Luke Taylor

Grammar Grater®

with Luke Taylor


Episode 15: Painting a Picture

There's a lot of great vocabulary we can pick up just by listening to the news. When I was a kid, I remember hearing news stories that contained lines like this:

"Two more city aldermen were indicted today on charges of racketeering."

From news like that, I learned that an alderman (or alderwoman) is a member of a city, county or borough council. The word indict means to charge someone with a crime-and even though it's spelled with a c, the c is not pronounced. And I learned that racketeering has absolutely nothing to do with tennis.

Yet another great word I learned from the news is sketchy—from reports such as:

"As to the cause of the fire, details at this time are sketchy."

Sketchy is a highly useful word, and it is often employed in news reporting when facts of a story are incomplete. Outside of news reporting, it can be used when describing a project, concept or idea that is in its early phases of development.

But entirely removed from news reporting and creative thinking, it seems that in everyday conversations, in blogs or in other electronic communications, sketchy gets inappropriately used in place of other, better words.

Specifically, people will use sketchy incorrectly to mean "untrustworthy" or "dangerous" or "questionable," as in,
That guy standing at the door looks like a sketchy character.

It's a great restaurant, but it's in a sketchy part of town.
We at Grammar Grater are not advocates of correcting people's spoken words—it's enormously rude. But here in the safety and objectivity of this podcast, we can examine usage more closely and without hurting anyone's feelings.

The word sketchy actually means "not thorough or detailed"—that is, just like a pencil-and-paper sketch. Therefore, a person or a place cannot really be sketchy unless they're semi-opaque or something.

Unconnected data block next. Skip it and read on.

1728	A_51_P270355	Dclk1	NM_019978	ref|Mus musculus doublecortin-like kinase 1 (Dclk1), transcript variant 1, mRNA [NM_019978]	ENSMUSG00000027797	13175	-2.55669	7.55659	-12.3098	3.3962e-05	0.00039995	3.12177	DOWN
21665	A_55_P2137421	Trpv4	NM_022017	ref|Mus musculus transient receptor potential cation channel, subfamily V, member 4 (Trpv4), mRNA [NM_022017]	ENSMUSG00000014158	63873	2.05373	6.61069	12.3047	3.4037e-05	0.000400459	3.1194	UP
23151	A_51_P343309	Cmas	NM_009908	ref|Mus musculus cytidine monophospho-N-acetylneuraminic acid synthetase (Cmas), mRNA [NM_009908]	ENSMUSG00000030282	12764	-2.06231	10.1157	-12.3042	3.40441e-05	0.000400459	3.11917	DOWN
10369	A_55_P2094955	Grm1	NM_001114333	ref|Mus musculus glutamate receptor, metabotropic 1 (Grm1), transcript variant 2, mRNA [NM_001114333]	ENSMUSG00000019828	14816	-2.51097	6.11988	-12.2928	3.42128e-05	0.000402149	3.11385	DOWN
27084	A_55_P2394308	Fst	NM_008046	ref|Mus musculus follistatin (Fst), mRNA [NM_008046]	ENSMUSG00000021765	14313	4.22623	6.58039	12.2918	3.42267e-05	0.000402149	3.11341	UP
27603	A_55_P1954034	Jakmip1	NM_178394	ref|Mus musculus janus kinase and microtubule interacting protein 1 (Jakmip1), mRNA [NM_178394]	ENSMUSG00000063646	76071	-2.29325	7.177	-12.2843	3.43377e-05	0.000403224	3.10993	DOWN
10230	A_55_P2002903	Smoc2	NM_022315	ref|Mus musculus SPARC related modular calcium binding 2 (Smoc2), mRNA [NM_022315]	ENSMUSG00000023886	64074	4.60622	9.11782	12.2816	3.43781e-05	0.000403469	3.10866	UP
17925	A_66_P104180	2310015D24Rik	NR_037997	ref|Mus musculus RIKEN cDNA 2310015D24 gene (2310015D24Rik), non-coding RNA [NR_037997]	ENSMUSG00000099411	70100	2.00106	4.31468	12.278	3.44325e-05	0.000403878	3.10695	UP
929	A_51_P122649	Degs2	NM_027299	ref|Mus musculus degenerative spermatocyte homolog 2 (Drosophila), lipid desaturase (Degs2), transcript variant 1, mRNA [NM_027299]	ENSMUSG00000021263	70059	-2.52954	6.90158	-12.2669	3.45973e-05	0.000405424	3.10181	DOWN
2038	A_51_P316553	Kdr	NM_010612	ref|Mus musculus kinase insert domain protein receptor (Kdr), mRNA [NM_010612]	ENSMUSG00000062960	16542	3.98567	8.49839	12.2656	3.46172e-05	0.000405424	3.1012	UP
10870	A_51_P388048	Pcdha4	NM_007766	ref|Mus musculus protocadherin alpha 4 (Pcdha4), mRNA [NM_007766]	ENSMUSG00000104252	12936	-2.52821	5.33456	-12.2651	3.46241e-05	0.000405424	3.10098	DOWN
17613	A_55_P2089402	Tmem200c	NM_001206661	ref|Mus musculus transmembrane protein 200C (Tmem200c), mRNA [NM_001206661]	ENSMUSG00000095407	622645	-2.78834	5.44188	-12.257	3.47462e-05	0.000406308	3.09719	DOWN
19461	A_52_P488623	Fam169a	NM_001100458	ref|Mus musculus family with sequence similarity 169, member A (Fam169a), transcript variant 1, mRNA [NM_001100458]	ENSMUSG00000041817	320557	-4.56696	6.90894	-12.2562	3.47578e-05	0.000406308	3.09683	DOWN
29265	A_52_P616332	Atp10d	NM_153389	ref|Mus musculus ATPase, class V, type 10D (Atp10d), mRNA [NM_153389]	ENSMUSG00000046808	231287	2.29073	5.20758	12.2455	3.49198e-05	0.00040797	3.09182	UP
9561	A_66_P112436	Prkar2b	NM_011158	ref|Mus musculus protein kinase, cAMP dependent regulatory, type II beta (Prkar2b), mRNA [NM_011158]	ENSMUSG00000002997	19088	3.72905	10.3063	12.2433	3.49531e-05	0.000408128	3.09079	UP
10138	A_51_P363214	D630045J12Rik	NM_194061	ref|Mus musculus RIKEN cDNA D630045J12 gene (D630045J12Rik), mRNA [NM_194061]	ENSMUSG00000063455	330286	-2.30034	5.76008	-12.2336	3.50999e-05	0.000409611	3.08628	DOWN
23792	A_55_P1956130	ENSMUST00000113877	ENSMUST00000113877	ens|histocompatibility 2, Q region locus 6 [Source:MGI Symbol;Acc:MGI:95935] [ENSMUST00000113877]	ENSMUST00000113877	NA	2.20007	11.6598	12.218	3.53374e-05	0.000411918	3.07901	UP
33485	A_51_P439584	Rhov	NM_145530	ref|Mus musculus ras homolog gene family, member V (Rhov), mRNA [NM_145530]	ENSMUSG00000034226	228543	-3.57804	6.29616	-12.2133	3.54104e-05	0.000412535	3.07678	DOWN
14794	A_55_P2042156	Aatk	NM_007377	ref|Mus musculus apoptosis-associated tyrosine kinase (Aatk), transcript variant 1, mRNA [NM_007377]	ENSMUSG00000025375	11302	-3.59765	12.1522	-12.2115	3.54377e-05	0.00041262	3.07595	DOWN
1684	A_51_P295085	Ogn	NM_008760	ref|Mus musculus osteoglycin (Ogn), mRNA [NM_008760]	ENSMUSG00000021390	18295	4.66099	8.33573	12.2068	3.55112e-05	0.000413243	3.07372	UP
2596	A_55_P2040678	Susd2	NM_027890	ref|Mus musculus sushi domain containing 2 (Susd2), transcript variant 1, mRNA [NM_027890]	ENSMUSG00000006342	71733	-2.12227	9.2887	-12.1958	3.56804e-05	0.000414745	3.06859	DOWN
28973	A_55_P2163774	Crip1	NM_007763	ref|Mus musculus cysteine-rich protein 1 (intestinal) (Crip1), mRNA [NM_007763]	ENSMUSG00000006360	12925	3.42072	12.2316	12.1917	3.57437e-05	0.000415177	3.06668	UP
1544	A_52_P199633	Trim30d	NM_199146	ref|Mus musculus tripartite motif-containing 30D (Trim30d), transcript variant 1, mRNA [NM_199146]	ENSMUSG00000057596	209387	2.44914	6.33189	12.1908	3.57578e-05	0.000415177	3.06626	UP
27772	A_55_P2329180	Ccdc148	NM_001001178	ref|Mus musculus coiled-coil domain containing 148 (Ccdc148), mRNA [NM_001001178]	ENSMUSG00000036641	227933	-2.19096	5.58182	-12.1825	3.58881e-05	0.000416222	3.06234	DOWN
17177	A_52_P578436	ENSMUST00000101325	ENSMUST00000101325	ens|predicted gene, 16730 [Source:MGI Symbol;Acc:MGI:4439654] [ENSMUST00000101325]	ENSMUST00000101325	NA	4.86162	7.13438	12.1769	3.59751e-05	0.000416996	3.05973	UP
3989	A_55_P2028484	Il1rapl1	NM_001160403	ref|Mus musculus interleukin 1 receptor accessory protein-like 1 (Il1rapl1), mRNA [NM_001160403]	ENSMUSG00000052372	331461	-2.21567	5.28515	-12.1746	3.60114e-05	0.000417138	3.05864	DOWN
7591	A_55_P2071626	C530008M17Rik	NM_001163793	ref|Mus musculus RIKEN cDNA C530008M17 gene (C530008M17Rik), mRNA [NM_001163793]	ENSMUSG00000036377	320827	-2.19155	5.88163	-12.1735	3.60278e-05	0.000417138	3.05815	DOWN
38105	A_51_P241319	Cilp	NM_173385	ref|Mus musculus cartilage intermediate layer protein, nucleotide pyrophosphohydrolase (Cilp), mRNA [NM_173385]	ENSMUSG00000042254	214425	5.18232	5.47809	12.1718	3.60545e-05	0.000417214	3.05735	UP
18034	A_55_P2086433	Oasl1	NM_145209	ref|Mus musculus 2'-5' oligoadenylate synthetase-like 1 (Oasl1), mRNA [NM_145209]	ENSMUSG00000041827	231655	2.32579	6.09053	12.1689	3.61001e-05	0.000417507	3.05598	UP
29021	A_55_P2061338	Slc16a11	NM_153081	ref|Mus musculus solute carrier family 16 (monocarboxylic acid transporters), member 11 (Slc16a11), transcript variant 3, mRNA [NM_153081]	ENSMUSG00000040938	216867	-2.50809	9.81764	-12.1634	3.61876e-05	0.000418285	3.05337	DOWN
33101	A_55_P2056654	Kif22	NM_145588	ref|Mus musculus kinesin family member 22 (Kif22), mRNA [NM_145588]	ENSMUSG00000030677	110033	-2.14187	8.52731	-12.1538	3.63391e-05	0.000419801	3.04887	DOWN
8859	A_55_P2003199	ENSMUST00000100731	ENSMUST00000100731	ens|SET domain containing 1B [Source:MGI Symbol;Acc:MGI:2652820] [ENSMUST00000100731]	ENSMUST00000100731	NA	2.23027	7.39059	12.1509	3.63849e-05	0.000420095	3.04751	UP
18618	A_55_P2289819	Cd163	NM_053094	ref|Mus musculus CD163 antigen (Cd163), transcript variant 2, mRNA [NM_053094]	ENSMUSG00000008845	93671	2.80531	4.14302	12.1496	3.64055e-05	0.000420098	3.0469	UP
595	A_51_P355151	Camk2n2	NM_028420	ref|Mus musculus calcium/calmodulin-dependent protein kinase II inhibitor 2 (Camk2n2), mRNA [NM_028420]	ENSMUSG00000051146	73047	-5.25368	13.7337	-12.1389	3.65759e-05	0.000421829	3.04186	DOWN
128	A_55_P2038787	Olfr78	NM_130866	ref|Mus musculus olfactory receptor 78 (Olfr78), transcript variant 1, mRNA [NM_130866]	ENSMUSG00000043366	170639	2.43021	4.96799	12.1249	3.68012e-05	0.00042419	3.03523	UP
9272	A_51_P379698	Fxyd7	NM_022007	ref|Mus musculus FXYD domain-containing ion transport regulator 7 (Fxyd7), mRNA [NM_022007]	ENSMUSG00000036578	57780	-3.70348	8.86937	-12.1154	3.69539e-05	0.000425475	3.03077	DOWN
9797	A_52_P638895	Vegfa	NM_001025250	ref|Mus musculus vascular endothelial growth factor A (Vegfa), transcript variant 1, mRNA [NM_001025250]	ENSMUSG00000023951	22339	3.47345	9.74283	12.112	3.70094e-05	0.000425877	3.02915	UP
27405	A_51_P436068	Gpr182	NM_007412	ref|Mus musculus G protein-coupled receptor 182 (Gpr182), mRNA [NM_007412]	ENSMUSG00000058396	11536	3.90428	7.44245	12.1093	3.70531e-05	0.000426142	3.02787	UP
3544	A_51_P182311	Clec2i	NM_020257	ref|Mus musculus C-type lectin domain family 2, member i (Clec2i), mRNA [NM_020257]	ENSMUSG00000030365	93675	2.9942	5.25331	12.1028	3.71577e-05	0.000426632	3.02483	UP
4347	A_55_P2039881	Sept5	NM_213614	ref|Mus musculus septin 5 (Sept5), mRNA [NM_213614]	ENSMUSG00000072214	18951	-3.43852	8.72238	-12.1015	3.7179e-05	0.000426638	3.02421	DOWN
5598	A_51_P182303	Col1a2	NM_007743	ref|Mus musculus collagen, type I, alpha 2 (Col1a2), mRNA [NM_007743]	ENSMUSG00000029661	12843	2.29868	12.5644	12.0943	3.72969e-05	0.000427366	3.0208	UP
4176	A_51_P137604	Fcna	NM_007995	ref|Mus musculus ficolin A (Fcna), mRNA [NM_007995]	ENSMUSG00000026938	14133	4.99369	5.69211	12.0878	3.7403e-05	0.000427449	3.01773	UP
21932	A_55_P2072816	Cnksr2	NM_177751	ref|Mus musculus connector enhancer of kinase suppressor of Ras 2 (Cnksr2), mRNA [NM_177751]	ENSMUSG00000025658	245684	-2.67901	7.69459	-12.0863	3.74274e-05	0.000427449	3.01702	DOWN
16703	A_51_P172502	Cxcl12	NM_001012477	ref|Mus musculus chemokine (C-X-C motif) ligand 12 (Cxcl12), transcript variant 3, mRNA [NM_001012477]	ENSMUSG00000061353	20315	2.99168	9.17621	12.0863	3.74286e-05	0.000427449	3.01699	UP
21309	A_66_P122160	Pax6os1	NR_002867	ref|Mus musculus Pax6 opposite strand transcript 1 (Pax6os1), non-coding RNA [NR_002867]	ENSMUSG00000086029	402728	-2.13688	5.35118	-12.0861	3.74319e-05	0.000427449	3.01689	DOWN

If a person seems untrustworthy or suspect, better words abound to use in place of sketchy.

Examples of words one can use instead of sketchy include
Shady: That guy paying with small, unmarked bills seems a shady character.
Dodgy: I live in a dodgy neighborhood.
Shifty: That guy who sold me the car is a shifty character.
Dangerous: That man lurking in the alley seems dangerous.

The same goes for locales or situations that seem unsafe or uncertain. Rather than sketchy, we can use some of the aforementioned words, plus others like

Risky: Driving that old car through the mountains is a risky prospect.
Shaky: We got off to a shaky start.
Unstable: The political situation in the region is unstable.
Dicey: It's a great restaurant, but it's in a dicey part of town.

There may be one exception to all this, however. In March of 2007, Minnesota Public Radio's Nikki Tundel did a feature story on Marcia Cummings, a forensic artist who creates the police sketches of criminal suspects. So it could probably be said that the people in Marcia's drawings are indeed both sketchy and shady... but that's a pretty specific instance.

Source: The Oxford Dictionary of Current English.

Songs from this Episode: "Must I Paint You a Picture" by Billy Bragg; "Pink Panther Theme" by Henry Mancini; "Cachita" by Esquivel.

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